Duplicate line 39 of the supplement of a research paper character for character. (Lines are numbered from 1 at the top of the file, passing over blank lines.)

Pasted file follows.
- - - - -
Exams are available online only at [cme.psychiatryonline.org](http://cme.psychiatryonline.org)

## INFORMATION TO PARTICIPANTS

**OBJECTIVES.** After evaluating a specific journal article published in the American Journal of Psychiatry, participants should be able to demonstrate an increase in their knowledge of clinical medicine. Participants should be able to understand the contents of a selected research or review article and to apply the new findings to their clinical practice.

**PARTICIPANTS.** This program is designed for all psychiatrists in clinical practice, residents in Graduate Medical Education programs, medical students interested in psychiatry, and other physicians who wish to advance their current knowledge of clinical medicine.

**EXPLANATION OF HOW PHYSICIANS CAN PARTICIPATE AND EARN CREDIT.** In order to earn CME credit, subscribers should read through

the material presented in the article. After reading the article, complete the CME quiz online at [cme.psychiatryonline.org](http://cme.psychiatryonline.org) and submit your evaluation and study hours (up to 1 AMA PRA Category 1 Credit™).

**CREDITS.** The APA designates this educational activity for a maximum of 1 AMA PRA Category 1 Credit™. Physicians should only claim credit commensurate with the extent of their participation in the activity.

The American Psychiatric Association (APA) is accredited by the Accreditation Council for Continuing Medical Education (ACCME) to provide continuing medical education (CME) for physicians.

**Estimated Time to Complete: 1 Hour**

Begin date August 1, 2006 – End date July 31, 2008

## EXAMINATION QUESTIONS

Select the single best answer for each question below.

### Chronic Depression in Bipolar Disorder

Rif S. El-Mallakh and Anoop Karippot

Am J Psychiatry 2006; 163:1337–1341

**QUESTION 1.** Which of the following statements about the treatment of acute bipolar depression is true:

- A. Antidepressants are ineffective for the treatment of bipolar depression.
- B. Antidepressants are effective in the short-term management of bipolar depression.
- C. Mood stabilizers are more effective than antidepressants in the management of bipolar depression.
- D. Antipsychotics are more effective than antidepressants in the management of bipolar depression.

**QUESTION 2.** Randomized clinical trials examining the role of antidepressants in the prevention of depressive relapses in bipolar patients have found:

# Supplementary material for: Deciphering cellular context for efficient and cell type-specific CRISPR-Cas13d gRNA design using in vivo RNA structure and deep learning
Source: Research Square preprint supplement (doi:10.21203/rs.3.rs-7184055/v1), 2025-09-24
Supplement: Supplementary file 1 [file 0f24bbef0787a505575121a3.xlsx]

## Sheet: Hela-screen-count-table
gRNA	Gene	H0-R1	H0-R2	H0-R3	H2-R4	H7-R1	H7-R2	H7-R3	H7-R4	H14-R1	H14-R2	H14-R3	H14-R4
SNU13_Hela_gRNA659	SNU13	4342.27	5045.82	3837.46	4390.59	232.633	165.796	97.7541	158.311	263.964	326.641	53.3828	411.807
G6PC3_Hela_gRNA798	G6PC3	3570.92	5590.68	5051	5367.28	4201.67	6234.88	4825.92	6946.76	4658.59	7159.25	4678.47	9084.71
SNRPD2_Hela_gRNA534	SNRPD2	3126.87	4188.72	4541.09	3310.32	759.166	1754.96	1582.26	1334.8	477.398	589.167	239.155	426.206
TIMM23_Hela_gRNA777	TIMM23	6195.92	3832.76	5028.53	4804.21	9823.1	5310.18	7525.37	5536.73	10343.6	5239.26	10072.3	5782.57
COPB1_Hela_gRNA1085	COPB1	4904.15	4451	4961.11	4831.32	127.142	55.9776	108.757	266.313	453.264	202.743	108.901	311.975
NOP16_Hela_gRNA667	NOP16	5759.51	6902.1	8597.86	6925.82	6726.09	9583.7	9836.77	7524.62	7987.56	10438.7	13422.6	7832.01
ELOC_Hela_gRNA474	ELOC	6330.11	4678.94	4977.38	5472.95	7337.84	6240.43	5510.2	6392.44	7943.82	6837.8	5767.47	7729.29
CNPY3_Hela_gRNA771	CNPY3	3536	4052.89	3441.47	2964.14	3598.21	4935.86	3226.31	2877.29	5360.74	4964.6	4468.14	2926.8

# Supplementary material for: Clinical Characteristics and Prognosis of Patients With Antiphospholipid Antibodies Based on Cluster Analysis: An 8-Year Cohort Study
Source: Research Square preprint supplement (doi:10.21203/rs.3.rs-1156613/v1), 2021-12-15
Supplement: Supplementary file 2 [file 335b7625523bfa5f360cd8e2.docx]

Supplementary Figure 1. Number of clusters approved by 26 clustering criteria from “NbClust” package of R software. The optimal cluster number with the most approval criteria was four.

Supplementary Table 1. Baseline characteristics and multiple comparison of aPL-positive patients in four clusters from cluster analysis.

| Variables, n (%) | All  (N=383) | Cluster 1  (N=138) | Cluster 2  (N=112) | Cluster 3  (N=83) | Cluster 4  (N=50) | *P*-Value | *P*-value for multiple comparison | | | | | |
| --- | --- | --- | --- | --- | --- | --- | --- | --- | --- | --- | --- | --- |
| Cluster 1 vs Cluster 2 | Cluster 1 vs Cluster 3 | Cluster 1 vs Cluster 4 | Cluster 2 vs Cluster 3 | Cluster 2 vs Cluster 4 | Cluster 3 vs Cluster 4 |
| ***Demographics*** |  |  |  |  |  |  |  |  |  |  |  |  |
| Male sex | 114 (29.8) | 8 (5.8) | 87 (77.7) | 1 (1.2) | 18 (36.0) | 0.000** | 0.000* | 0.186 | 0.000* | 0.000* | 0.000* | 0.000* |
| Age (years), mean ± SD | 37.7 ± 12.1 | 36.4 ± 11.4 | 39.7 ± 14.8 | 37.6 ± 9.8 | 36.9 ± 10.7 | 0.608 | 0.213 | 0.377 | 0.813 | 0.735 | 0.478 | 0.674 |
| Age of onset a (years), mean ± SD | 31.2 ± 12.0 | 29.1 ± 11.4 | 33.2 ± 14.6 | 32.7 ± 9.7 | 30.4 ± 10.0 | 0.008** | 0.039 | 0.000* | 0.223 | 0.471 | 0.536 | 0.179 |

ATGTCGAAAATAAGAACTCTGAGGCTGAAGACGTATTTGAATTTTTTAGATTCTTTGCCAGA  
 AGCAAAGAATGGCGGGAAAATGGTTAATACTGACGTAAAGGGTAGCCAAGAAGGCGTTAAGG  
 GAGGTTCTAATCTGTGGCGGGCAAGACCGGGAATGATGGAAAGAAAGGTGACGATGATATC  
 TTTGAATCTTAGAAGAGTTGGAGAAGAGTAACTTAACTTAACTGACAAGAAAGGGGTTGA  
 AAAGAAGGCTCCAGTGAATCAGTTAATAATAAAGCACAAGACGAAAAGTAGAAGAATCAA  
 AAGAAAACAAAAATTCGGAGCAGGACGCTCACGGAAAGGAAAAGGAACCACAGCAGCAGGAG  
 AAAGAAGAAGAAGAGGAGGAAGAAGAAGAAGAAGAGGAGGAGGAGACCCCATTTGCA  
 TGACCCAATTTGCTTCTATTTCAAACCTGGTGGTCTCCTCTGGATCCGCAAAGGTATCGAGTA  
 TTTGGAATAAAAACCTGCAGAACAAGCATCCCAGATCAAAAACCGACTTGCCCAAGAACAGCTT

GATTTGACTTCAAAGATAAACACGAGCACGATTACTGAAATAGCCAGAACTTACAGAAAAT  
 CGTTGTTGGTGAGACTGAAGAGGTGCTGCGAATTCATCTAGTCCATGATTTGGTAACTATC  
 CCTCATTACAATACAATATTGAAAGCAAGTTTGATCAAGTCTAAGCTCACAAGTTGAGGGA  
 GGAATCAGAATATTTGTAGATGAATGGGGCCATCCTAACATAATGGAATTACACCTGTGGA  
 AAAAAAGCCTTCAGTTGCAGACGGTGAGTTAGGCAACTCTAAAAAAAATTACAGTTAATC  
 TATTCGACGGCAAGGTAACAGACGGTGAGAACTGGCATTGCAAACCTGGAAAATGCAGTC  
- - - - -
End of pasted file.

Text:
Supplementary Table 1. Baseline characteristics and multiple comparison of aPL-positive patients in four clusters from cluster analysis.